Population Genetics of Lactase Persistence and Lactose Intolerance

Abstract

Variation in the ability of adult humans to digest the lactose in milk is a genetically determined trait that has excited the interest of many for the past 50 years. The trait seems to have risen to high frequencies by one of the strongest selection pressures ever described. This section describes the phenotypic polymorphism and the evidence that the genetic trait involves regulation of expression of the lactase gene and is caused by multiple independent mutations that have reached high frequencies in different populations, because of the benefits of drinking milk. The evolutionary history in Europe and Africa are rather different; there being a single high‐frequency allele in Europe, in contrast to multiple alleles in Africa. Also the selective forces, which are likely to include both the nutritional and water content of milk, may have been different in these regions.

Key Concepts:

  • The enzyme, lactase, is restricted to the small intestine where it digests lactose in the milk of suckling mammals.

  • Lactase persists into adult life in some, but not all, people.

  • Lactase persistence is a genetic trait, which varies in frequency in different populations of the world.

  • Mutations in an enhancer sequence, at a distance from the lactase gene, appear to be responsible for lactase persistence.

  • These alleles arose in the last few thousand years and have been under strong positive selection.

  • The selection may be attributable to one of the nutrients or water in fresh milk and/or its calorific value.

Keywords: lactose; milk; lactase; selection; persistence; tolerance

Figure 1.

Old world distribution of frequency of lactase persistence (lactose digesters) taken from available published data. Red indicates the proportion of lactose digesters in a given population with yellow representing maldigesters. Charts with a green central circle indicate that the overall published frequency for a country is comprised of different ethnic groups with very different phenotype frequencies. Data compiled by Ingram et al. .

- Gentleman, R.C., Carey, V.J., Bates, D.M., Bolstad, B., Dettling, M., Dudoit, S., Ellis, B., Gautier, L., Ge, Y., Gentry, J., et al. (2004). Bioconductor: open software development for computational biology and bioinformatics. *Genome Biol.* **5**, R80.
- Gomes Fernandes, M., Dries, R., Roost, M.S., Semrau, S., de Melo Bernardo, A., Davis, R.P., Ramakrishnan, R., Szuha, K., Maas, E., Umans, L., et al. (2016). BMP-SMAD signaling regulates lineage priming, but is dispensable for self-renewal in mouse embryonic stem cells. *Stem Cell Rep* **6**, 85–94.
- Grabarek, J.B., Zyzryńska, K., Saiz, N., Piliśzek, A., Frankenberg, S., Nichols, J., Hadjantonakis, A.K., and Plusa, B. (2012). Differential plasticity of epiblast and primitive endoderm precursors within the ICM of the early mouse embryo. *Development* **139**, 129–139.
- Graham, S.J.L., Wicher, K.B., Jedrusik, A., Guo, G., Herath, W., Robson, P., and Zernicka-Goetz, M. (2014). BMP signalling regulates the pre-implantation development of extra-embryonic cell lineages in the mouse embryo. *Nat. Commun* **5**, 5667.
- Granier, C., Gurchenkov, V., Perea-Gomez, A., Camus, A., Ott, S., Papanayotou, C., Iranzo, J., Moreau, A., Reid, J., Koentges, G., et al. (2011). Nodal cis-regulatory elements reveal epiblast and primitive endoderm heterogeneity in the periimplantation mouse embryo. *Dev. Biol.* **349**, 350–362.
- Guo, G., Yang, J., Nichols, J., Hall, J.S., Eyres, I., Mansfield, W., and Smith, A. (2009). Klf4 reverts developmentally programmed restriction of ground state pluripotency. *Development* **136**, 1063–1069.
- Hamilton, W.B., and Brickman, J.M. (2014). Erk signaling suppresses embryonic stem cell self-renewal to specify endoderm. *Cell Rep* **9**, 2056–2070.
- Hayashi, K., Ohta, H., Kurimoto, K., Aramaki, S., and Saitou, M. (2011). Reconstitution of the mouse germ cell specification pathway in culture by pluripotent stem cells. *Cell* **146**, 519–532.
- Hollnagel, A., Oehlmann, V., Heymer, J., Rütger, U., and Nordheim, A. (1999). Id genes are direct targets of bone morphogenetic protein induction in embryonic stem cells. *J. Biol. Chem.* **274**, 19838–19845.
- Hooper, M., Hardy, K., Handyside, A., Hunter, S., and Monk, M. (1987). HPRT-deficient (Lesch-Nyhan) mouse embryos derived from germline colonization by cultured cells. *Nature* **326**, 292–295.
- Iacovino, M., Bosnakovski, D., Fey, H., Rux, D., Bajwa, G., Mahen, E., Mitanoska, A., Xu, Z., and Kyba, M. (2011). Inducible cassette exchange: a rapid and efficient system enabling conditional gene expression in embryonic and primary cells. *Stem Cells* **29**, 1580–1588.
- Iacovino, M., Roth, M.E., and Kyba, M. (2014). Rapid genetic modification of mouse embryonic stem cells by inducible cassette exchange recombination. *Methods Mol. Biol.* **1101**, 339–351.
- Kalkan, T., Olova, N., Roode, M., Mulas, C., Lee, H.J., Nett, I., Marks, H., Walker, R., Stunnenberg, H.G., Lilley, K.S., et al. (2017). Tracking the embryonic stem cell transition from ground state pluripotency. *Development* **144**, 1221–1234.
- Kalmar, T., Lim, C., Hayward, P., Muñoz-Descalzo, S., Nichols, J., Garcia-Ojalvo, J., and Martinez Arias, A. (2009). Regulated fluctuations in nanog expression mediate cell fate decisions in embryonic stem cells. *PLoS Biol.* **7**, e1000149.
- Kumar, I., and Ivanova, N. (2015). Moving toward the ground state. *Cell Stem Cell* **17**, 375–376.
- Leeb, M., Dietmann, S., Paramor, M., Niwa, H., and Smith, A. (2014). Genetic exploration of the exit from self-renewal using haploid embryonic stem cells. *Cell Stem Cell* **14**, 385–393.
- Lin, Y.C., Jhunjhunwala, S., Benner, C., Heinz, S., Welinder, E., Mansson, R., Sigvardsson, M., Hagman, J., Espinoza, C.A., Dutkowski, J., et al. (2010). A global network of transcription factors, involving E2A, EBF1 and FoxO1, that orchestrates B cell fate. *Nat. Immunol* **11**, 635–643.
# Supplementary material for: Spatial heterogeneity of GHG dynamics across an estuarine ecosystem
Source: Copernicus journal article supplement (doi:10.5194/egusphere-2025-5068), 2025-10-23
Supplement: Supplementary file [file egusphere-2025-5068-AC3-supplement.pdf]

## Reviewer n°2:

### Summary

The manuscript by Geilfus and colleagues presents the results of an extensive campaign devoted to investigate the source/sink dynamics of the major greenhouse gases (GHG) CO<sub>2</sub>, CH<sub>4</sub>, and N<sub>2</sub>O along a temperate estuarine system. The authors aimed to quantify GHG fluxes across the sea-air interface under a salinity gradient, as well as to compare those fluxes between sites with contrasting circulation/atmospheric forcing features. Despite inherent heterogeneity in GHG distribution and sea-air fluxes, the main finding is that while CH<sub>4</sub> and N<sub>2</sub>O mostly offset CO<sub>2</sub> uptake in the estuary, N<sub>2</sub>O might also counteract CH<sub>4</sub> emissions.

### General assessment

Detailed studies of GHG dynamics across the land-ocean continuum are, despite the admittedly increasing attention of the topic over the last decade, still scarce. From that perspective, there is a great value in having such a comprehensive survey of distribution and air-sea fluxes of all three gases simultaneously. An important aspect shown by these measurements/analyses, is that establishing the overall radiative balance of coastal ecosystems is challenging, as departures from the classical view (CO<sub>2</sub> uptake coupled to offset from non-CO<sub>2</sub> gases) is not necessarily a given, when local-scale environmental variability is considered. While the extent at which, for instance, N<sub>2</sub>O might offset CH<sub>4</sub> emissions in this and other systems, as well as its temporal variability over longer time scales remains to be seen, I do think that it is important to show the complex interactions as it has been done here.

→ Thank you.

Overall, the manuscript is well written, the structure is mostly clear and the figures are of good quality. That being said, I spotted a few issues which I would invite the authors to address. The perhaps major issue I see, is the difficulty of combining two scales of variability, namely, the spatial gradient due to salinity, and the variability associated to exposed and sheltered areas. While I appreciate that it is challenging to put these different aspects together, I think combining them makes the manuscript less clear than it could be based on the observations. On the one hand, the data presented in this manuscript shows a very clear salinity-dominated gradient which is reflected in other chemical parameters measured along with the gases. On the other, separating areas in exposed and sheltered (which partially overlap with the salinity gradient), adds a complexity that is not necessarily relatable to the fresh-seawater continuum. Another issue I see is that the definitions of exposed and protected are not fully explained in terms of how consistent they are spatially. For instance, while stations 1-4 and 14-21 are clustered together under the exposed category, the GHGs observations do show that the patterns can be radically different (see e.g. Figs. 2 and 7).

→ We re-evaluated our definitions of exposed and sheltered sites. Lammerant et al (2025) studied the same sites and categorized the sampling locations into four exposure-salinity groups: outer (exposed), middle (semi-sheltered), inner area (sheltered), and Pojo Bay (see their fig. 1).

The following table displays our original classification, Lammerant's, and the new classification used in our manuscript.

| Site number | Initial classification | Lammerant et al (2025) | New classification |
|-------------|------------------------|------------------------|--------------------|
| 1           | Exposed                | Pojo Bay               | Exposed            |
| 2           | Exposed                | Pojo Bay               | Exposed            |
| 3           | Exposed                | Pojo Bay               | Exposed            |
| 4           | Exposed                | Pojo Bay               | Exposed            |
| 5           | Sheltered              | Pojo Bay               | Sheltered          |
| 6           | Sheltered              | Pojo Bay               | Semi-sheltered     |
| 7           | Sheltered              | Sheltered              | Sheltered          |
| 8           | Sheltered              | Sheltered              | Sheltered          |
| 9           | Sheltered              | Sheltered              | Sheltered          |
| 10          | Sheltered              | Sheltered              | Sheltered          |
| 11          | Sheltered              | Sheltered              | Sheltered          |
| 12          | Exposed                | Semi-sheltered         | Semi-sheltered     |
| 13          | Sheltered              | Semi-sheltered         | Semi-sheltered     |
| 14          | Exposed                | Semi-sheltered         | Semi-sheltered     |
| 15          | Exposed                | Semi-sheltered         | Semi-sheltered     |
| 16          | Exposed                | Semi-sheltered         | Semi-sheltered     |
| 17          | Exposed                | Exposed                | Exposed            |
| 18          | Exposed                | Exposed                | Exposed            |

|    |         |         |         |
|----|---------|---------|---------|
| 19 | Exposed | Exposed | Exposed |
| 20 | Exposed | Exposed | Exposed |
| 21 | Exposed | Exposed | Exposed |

Figure 2.

Diagram of the MCM6 and LCT gene region, showing the location of the part of the enhancer region in which many variants are clustered and nucleotide changes identified, shown in red on the ancestral sequence. The approximate positions of the ones for which there is strong published evidence for association with lactase persistence as well as functional evidence are indicated. The corresponding rs numbers are: ‐14010 G>C, rs4988233;‐13915 T>G, rs41380347; ‐13910 C>T, rs4988235‐13907 C>G, rs41525747. Known transcription factor binding sites are underlined.

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Further Reading

Feldman MW and Cavalli‐Sforza LL (1989) On the theory of evolution under genetic and cultural transmission with application to the lactose absorption problem. In: Feldman M (ed.) Mathematical Evolutionary Theory, pp. 145–173. Princton, NJ: Princton University Press.

Swallow DM and Hollox EJ (2000) The genetic polymorphism of intestinal lactase activity in adult humans. In: Scriver CR, Beaudet AL, Sly WS and Valle D (eds) The Metabolic and Molecular Basis of Inherited Disease, 8th edn, chap. 76, pp. 1651–1662. New York: McGraw‐Hill. available online at http://www.ommbid.com/OMMBID/the_online_metabolic_and_molecular_bases_of_inherited_disease/b/parttoc/part7 updated 2007.

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Ingram, Catherine JE, Liebert, Anke, and Swallow, Dallas M(Dec 2012) Population Genetics of Lactase Persistence and Lactose Intolerance. In: eLS. John Wiley & Sons Ltd, Chichester. http://www.els.net [doi: 10.1002/9780470015902.a0020855.pub2]